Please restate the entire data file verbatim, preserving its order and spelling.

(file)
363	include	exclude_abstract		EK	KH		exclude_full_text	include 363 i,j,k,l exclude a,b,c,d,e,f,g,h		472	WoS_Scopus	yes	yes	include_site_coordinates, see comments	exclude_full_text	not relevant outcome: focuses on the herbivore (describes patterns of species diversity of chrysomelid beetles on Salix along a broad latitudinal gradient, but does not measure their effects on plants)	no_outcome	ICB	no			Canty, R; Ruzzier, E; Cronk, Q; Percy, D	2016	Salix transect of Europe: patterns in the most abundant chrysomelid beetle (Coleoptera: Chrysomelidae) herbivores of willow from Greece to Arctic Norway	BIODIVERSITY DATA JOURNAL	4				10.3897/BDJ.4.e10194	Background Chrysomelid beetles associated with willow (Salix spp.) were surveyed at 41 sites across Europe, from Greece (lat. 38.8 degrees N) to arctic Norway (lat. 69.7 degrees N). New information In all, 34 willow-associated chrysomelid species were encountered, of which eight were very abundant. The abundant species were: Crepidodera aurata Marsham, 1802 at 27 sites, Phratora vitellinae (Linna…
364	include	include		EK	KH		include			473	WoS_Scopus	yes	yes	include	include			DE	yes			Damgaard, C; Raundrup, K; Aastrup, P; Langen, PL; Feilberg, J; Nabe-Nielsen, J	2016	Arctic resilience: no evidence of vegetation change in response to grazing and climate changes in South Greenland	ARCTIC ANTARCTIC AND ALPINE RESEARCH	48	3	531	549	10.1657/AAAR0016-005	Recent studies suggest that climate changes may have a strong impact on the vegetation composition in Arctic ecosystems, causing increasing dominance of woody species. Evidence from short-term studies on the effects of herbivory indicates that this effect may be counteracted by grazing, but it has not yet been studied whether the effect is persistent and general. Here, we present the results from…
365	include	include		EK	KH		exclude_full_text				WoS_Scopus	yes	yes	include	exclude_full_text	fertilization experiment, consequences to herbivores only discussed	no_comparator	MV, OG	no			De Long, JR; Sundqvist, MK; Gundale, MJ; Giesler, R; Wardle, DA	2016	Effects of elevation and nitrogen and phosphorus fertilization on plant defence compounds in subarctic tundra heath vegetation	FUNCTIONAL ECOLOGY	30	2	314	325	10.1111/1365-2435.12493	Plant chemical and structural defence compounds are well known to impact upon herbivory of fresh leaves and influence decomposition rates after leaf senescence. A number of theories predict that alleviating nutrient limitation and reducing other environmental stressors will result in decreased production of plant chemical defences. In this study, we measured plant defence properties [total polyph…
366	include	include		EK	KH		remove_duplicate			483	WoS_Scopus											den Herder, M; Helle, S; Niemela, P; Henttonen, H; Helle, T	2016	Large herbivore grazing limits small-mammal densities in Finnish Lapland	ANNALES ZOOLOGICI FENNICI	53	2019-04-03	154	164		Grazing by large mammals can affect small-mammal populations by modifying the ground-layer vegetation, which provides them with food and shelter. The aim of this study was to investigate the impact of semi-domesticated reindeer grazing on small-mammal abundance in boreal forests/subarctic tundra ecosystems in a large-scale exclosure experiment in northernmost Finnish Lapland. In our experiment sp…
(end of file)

363	include	exclude_abstract		EK	KH		exclude_full_text	include 363 i,j,k,l exclude a,b,c,d,e,f,g,h		472	WoS_Scopus	yes	yes	include_site_coordinates, see comments	exclude_full_text	not relevant outcome: focuses on the herbivore (describes patterns of species diversity of chrysomelid beetles on Salix along a broad latitudinal gradient, but does not measure their effects on plants)	no_outcome	ICB	no			Canty, R; Ruzzier, E; Cronk, Q; Percy, D	2016	Salix transect of Europe: patterns in the most abundant chrysomelid beetle (Coleoptera: Chrysomelidae) herbivores of willow from Greece to Arctic Norway	BIODIVERSITY DATA JOURNAL	4				10.3897/BDJ.4.e10194	Background Chrysomelid beetles associated with willow (Salix spp.) were surveyed at 41 sites across Europe, from Greece (lat. 38.8 degrees N) to arctic Norway (lat. 69.7 degrees N). New information In all, 34 willow-associated chrysomelid species were encountered, of which eight were very abundant. The abundant species were: Crepidodera aurata Marsham, 1802 at 27 sites, Phratora vitellinae (Linna…
364	include	include		EK	KH		include			473	WoS_Scopus	yes	yes	include	include			DE	yes			Damgaard, C; Raundrup, K; Aastrup, P; Langen, PL; Feilberg, J; Nabe-Nielsen, J	2016	Arctic resilience: no evidence of vegetation change in response to grazing and climate changes in South Greenland	ARCTIC ANTARCTIC AND ALPINE RESEARCH	48	3	531	549	10.1657/AAAR0016-005	Recent studies suggest that climate changes may have a strong impact on the vegetation composition in Arctic ecosystems, causing increasing dominance of woody species. Evidence from short-term studies on the effects of herbivory indicates that this effect may be counteracted by grazing, but it has not yet been studied whether the effect is persistent and general. Here, we present the results from…
365	include	include		EK	KH		exclude_full_text				WoS_Scopus	yes	yes	include	exclude_full_text	fertilization experiment, consequences to herbivores only discussed	no_comparator	MV, OG	no			De Long, JR; Sundqvist, MK; Gundale, MJ; Giesler, R; Wardle, DA	2016	Effects of elevation and nitrogen and phosphorus fertilization on plant defence compounds in subarctic tundra heath vegetation	FUNCTIONAL ECOLOGY	30	2	314	325	10.1111/1365-2435.12493	Plant chemical and structural defence compounds are well known to impact upon herbivory of fresh leaves and influence decomposition rates after leaf senescence. A number of theories predict that alleviating nutrient limitation and reducing other environmental stressors will result in decreased production of plant chemical defences. In this study, we measured plant defence properties [total polyph…
366	include	include		EK	KH		remove_duplicate			483	WoS_Scopus											den Herder, M; Helle, S; Niemela, P; Henttonen, H; Helle, T	2016	Large herbivore grazing limits small-mammal densities in Finnish Lapland	ANNALES ZOOLOGICI FENNICI	53	2019-04-03	154	164		Grazing by large mammals can affect small-mammal populations by modifying the ground-layer vegetation, which provides them with food and shelter. The aim of this study was to investigate the impact of semi-domesticated reindeer grazing on small-mammal abundance in boreal forests/subarctic tundra ecosystems in a large-scale exclosure experiment in northernmost Finnish Lapland. In our experiment sp…